Another form of signaling is through stigmergy, the incitement to work by the products of work [12]. Many social insects act upon their physical environment, transforming it to meet some ecologically salient purpose such as nest construction. Many ant and wasp species will construct complex nests. No individual worker contains the blueprint for such a nest. Instead, the workers actions are triggered by the physical objects created by the prior actions of other workers. This on-going interaction between the workers and a changing environment results, over time, in the construction of a species-specific nest structure. This is another example of an emergent process in which spatio-temporal transients (here the individual structural fragments) serve as the stimuli for subsequent behavior.

This very brief survey demonstrates that many salient forms of signaling in the NOCS appear to involve spatio-temporal transients. Any realistic model of a NOCS must therefore consider the role of these spatio-temporal transients.

Moreover, these colonies show a surprising subtlety and complexity in their decision making. Reference [13] showed that when presented with several alternatives, the colonies effectively executed an additive weighted strategy, a rational strategy which is difficult even for humans to utilize. Moreover, Edwards and Pratt [17] and Sazaki and Pratt [18] showed that decision making at the colony level could be rational, even when decision making at the level of the individual worker was non-rational. They showed that individual workers were subject to the decoy effect, a violation of the principle of regularity which states that a preference should not be altered by the appearance of a non-preferred option. They also showed that the colony to which these same workers belonged did not exhibit the decoy effect when presented with the same options and decoys.

In addition, these colonies appear to be capable of adapting their decision-making strategy under differing environmental conditions [19]. Thus, these colonies are capable of rational and bounded rational decision making under different conditions and they appear to be capable of learning [20].

Colonies of Temnothoraxalbipennis implement their decision making in an emergent manner through the collective actions and interactions of their individual workers. This is strikingly different from the manner in which individual humans make decisions. Thus, social insect colonies and humans can implement similar decision making albeit in a markedly different way. Several years ago [21,22], the dual notions of computational competence and computational performance were proposed. Computational competence refers to whether or not a system has the ability to perform or support a specific computation. Computational competence addresses the question ‘what’? Computational performance refers to the exact process through which this specific computation is implemented.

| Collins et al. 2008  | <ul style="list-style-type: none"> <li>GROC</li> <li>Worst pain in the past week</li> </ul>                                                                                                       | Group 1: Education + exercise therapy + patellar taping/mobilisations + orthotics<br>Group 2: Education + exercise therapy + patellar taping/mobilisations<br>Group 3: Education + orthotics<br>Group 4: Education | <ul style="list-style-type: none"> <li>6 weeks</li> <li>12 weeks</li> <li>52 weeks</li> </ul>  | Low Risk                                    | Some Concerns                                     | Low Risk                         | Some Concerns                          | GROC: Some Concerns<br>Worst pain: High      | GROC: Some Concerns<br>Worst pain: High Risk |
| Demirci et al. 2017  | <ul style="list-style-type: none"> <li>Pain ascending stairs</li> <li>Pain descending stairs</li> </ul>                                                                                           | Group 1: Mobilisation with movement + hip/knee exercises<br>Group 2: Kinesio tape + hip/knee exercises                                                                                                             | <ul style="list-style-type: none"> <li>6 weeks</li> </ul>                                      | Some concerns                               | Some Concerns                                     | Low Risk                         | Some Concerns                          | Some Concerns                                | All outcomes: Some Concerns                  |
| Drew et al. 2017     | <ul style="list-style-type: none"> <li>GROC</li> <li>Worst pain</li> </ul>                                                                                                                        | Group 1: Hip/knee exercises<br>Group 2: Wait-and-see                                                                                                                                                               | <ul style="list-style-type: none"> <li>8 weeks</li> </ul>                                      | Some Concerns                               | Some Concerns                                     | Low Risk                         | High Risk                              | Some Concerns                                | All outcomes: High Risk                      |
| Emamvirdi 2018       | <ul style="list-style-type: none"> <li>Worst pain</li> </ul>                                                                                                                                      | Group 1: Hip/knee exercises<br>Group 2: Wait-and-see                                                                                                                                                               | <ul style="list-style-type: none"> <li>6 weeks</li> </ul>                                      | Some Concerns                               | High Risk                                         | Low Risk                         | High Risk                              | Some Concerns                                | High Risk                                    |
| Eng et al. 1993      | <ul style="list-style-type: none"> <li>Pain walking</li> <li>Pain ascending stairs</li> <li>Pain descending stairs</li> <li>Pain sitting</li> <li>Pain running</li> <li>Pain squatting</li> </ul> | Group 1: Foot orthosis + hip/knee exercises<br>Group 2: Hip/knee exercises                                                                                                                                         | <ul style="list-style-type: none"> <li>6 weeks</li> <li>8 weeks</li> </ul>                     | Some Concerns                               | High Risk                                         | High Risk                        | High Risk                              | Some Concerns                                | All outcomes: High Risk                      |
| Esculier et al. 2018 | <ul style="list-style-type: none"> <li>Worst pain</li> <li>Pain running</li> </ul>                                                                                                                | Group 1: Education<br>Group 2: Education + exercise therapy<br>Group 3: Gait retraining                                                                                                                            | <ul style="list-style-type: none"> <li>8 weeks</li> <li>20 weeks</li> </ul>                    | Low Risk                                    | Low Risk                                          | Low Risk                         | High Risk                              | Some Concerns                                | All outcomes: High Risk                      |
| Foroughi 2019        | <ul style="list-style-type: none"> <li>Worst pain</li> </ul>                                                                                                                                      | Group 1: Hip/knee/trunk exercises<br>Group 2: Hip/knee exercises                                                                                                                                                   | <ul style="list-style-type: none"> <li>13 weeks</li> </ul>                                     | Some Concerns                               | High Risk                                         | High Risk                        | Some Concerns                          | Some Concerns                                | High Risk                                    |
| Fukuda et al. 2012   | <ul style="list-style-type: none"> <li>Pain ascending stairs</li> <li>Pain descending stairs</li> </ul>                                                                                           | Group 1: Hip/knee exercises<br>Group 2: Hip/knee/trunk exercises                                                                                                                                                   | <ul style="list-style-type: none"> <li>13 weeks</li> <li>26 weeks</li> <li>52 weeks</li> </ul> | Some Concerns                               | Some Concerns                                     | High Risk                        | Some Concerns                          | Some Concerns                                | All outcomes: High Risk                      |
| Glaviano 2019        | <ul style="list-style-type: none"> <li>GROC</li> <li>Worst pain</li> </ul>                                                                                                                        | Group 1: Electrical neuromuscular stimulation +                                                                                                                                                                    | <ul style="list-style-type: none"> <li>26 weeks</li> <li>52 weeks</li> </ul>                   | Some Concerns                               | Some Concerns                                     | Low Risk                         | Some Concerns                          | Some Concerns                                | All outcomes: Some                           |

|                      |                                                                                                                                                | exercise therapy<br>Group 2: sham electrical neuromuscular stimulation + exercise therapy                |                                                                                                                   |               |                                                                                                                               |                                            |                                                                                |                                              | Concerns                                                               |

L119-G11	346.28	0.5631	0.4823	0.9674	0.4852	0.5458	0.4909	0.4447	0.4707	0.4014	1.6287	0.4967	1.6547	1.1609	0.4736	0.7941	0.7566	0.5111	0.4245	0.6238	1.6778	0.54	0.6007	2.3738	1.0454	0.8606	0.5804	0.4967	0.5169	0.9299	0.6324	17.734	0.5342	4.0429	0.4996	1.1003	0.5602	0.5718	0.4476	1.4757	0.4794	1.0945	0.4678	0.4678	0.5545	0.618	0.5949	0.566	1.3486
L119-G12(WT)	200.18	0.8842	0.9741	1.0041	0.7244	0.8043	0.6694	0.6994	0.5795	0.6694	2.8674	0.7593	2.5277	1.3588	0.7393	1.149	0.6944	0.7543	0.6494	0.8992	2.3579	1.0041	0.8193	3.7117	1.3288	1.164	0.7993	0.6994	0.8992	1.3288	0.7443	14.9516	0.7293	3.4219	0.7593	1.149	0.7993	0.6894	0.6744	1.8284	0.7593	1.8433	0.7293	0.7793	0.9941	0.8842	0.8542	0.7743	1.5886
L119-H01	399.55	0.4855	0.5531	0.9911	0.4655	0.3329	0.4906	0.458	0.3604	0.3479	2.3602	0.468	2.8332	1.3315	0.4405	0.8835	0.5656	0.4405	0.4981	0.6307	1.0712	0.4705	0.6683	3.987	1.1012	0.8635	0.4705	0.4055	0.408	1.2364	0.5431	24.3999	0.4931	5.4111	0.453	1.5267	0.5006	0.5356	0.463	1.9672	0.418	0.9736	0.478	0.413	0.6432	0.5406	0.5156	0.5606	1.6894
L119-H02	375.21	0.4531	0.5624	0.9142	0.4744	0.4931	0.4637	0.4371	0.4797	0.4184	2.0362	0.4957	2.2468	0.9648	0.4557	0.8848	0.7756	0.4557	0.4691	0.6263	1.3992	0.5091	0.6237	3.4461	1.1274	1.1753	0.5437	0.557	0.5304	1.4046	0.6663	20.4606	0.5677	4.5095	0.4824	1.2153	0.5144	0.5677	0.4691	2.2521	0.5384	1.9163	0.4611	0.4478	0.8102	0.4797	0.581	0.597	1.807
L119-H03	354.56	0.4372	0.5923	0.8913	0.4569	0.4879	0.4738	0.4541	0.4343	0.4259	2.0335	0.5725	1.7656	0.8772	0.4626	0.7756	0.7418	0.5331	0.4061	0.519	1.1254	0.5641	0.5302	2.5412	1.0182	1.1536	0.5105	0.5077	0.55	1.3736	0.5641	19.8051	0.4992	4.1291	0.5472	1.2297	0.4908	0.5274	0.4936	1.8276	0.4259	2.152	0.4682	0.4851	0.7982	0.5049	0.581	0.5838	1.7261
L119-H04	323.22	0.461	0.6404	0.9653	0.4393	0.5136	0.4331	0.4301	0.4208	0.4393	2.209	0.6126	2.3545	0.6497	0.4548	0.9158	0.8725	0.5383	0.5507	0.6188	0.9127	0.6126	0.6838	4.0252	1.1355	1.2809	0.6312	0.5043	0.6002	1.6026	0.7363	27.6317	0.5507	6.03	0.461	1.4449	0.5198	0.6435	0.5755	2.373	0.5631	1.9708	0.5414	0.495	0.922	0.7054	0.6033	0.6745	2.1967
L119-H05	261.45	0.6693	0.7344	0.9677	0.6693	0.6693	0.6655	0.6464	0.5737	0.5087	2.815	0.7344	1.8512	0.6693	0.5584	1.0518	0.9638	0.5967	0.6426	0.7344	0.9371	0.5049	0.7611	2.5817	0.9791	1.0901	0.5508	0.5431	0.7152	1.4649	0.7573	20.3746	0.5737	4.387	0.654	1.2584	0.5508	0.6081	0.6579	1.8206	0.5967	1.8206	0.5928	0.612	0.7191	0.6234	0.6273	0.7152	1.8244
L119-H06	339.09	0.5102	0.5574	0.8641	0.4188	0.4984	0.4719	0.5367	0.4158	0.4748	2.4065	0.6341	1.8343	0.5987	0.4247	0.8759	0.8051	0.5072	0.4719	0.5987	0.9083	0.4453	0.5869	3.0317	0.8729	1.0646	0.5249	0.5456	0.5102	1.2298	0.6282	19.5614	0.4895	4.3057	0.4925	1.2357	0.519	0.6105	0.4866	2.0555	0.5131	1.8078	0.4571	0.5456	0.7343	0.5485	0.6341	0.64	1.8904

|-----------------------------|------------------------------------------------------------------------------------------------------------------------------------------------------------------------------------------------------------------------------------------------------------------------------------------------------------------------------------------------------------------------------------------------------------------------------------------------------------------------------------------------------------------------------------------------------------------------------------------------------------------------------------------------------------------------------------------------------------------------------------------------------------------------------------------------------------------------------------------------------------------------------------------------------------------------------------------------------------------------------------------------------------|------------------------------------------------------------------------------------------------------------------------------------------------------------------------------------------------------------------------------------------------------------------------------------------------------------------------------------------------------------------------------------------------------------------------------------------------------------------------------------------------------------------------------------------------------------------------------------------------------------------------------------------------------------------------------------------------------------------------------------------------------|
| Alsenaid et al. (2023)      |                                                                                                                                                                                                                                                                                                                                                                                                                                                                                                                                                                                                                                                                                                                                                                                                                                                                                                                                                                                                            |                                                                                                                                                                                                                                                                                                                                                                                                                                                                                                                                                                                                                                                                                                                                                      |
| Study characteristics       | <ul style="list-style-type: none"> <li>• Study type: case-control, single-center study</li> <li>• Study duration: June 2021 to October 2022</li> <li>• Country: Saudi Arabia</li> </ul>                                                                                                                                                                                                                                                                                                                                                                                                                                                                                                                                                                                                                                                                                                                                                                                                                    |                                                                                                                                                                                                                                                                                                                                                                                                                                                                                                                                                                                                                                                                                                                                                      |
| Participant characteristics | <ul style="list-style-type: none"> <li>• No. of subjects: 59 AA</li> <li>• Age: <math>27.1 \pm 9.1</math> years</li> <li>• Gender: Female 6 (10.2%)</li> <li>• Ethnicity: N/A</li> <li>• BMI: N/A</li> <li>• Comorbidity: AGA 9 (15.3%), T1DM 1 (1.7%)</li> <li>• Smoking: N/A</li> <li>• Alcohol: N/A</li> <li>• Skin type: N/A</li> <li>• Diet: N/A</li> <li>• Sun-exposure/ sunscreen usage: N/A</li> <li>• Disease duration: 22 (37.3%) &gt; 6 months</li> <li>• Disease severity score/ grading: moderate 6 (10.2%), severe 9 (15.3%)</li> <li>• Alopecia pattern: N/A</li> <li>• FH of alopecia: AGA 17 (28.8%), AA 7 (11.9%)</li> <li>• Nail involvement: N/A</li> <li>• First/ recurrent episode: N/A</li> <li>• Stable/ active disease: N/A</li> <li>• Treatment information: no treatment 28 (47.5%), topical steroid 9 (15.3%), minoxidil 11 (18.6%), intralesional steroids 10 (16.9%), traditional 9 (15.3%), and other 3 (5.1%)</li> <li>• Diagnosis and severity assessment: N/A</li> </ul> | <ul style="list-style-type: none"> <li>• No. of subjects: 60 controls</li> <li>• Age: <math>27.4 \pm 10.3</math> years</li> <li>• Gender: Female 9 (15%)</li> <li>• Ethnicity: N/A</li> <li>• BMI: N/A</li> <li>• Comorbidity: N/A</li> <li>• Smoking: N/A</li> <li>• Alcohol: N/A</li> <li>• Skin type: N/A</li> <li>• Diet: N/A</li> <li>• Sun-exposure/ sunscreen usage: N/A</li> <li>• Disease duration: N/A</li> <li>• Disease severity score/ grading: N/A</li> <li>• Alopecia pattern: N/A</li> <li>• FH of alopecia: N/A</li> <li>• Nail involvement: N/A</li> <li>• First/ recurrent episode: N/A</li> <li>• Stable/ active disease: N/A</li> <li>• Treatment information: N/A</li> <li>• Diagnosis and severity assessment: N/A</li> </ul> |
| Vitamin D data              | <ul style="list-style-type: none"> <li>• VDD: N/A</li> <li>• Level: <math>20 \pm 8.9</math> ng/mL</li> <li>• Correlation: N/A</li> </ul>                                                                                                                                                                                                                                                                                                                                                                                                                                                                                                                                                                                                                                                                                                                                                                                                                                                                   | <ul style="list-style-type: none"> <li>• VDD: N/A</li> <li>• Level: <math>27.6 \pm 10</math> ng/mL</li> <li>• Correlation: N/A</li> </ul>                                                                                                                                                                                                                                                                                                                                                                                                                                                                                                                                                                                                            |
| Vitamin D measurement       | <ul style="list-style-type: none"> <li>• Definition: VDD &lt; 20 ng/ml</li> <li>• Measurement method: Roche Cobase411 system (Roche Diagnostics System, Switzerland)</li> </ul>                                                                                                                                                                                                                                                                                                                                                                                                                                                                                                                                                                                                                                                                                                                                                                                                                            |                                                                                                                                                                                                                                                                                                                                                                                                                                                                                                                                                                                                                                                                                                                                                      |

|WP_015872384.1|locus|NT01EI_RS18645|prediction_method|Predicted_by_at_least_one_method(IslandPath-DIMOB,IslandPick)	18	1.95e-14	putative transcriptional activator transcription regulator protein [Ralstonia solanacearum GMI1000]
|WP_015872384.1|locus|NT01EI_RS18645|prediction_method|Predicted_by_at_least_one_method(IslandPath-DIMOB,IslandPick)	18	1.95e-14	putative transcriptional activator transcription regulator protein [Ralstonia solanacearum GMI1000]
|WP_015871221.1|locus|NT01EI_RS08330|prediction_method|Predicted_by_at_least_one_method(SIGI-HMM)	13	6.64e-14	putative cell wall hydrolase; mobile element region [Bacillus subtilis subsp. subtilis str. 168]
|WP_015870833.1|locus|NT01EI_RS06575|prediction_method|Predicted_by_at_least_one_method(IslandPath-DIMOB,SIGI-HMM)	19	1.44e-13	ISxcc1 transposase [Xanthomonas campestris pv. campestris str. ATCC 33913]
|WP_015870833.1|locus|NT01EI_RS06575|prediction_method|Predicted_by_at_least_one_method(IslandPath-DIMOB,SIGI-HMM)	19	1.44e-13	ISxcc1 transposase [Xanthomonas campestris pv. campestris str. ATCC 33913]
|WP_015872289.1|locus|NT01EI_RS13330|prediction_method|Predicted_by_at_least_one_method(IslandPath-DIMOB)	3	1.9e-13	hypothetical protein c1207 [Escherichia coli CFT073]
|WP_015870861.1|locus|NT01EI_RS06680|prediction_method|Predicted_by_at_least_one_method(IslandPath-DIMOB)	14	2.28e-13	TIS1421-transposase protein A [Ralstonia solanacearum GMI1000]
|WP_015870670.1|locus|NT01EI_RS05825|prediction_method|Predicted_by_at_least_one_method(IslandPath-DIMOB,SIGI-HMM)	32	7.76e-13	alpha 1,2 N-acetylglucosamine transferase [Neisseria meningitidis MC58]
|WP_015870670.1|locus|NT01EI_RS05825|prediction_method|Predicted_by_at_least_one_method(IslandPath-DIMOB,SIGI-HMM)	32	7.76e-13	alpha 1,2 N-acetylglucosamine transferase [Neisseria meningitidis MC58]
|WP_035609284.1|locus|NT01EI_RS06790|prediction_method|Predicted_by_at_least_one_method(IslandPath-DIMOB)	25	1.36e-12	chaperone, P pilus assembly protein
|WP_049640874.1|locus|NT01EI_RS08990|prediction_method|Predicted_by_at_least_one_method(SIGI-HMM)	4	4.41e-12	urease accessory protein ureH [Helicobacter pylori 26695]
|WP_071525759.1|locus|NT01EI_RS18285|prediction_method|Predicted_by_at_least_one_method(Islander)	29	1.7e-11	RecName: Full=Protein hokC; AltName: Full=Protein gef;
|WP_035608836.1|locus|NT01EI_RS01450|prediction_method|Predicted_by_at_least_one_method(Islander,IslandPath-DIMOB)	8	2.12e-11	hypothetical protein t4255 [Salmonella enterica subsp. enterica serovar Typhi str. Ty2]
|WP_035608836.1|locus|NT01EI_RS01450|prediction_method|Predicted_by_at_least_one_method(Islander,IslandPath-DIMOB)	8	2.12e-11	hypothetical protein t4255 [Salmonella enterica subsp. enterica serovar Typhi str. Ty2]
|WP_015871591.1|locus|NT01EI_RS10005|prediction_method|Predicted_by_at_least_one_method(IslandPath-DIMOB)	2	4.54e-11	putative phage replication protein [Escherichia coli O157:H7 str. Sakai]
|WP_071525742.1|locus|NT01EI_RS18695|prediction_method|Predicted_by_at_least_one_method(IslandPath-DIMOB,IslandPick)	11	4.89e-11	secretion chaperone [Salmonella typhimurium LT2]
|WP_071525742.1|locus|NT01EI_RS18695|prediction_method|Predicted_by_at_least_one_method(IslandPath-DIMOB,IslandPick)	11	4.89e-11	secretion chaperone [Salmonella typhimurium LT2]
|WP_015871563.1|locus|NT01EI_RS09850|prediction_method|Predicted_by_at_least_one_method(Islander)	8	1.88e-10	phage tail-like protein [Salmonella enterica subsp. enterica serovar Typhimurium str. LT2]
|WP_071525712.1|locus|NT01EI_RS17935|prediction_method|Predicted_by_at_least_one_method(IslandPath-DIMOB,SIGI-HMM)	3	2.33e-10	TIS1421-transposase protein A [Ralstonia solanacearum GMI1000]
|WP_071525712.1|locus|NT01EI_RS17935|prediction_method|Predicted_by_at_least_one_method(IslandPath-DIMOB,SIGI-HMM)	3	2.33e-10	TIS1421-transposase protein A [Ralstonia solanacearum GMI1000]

Computational performance addresses the question of ‘how’? Computational competence is the primary concept and computational performance is the secondary. Much of the theory of computation has focused upon questions of computational performance. However, in dealing with a NOCS, the more fundamental question is that of computational competence. Exploring that question leads to approaches to modeling that are based upon the ideas of function and process. These ideas require novel mathematics, since they involve notions of transience, fungibility, generativity, development, and flux, all of which create profound challenges for the orthodox approaches. These ideas have been developed in the theories of functional constructivism and di-evolution [23], and in process algebra [24].

Another theory of more direct relevance here is that of the dynamical automaton [21,22], later described as Sulis machines [25].

Assume that we are given a dynamical system (Y × Ω, T, ϕ), and that the monoid T is totally ordered. We form the totally ordered monoid I